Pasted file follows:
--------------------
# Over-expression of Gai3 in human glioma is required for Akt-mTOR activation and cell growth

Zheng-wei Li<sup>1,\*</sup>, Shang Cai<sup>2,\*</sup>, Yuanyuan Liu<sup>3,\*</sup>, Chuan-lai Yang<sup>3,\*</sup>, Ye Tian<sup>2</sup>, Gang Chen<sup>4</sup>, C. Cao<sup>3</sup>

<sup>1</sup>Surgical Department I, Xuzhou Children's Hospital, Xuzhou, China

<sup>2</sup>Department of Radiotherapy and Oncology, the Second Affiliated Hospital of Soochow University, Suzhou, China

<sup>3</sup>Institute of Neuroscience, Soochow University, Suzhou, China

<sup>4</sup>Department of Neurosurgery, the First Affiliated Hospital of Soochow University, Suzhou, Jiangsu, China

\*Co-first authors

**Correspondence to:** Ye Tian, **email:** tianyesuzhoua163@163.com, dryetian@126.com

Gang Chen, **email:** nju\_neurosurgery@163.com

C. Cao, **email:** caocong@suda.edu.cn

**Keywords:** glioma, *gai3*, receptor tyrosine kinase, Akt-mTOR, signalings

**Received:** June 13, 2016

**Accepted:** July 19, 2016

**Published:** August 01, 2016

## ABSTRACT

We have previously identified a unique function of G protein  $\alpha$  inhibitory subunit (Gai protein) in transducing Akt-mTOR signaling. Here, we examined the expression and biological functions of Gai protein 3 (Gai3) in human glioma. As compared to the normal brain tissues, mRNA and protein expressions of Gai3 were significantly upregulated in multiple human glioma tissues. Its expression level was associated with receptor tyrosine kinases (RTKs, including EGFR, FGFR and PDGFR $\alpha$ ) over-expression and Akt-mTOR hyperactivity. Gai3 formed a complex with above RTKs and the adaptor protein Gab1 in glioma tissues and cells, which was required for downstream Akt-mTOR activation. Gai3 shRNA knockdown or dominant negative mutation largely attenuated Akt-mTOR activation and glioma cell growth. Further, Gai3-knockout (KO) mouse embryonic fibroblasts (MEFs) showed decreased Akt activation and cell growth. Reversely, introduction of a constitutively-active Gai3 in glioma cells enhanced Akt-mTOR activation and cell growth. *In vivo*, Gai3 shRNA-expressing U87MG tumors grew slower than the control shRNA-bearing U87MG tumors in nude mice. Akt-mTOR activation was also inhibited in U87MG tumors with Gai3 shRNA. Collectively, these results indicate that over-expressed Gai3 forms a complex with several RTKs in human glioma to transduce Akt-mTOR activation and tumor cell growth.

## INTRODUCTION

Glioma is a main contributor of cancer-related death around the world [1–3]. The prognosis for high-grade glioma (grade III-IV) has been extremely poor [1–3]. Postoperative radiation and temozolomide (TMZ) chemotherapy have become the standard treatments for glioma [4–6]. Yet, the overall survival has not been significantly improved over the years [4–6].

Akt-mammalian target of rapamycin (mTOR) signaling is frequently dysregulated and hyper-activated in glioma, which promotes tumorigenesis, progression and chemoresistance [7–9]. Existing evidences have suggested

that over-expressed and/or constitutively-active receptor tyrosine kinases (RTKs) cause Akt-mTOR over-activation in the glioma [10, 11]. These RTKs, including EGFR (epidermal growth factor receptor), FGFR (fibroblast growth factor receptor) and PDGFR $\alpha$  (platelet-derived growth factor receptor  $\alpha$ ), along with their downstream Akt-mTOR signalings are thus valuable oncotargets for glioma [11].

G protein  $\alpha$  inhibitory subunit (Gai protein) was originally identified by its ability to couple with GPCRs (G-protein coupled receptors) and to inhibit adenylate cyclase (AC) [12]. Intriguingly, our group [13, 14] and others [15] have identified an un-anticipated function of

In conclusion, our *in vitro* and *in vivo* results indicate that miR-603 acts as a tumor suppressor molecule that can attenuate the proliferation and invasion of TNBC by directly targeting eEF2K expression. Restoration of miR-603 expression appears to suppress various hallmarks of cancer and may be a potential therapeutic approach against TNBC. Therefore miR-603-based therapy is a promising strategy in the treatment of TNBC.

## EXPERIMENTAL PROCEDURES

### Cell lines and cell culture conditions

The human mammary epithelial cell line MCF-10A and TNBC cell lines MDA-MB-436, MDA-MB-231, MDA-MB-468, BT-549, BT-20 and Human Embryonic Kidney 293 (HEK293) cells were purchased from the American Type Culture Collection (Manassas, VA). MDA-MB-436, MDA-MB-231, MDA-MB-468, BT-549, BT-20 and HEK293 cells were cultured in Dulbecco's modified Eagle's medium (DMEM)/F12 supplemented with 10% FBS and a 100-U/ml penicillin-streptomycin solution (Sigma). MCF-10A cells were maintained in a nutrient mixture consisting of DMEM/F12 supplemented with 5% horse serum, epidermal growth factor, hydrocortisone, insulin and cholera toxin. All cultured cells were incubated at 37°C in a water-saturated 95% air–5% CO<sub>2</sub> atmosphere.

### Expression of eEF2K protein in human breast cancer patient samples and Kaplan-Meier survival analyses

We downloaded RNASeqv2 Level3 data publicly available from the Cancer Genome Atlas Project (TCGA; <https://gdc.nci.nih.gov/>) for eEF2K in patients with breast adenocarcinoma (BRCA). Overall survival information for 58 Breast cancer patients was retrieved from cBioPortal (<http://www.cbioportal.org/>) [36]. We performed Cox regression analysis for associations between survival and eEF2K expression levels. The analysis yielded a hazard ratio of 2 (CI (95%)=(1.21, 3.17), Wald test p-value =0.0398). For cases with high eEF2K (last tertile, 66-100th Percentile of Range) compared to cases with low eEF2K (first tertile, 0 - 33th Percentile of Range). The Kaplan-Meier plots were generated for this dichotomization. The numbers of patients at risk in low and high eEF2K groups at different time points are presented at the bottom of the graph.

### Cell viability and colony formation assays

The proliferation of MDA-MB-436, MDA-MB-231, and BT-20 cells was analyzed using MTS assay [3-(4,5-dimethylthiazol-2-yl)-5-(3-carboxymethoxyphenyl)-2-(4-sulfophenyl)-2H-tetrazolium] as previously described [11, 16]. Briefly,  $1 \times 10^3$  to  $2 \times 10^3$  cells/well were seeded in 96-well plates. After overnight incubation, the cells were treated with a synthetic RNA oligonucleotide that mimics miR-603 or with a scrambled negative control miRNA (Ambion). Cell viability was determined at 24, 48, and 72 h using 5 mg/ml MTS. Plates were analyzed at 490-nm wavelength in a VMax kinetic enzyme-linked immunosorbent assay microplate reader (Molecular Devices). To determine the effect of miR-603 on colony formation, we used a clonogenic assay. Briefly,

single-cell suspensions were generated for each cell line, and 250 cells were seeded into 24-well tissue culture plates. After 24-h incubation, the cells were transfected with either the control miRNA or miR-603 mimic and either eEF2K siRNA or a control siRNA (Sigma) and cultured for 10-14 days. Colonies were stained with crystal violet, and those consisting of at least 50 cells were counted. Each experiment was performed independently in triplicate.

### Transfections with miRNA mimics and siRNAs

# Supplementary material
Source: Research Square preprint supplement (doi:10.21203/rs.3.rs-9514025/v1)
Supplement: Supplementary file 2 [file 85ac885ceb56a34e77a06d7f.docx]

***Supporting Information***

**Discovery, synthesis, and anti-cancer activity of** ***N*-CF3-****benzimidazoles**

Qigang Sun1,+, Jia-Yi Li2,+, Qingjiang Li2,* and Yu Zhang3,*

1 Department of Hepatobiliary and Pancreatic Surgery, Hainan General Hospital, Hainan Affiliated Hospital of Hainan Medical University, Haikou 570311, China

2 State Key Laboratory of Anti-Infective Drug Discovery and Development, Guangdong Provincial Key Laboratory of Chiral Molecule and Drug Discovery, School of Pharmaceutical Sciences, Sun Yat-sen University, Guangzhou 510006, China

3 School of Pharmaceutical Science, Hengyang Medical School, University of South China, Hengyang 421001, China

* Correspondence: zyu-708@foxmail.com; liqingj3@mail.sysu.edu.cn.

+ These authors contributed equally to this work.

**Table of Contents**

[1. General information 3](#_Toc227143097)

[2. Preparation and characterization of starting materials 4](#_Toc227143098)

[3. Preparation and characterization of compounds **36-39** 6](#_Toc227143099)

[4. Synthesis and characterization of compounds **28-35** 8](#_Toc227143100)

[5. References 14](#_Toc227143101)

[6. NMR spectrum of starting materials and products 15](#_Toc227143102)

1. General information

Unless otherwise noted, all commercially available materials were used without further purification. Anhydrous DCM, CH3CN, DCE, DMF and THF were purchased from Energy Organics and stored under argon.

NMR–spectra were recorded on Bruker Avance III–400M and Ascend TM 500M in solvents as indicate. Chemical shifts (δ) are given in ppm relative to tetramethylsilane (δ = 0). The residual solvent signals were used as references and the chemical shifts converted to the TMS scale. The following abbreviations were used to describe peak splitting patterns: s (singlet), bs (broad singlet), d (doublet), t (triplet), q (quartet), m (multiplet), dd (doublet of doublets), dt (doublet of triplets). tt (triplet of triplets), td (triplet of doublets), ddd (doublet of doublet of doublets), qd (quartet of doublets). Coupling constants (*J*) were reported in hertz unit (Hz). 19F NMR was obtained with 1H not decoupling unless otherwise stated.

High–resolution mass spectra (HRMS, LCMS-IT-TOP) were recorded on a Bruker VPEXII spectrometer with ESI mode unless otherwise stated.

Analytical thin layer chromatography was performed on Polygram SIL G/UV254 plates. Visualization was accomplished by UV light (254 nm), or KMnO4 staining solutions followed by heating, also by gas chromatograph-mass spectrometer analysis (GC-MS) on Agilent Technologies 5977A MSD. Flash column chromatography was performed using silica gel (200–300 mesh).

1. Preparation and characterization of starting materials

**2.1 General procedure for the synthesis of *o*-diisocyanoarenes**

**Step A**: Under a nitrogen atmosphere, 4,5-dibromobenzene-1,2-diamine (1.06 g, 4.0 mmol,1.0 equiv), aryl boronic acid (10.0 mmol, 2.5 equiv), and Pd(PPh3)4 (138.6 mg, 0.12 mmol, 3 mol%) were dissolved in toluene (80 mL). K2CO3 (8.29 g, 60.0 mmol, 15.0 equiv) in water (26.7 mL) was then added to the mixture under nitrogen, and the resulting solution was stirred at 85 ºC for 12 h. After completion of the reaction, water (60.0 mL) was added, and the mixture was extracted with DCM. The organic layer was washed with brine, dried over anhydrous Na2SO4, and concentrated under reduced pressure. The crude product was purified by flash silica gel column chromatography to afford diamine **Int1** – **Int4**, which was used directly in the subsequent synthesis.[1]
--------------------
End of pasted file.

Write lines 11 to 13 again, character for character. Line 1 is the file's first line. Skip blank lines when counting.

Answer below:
**Keywords:** glioma, *gai3*, receptor tyrosine kinase, Akt-mTOR, signalings

**Received:** June 13, 2016

**Accepted:** July 19, 2016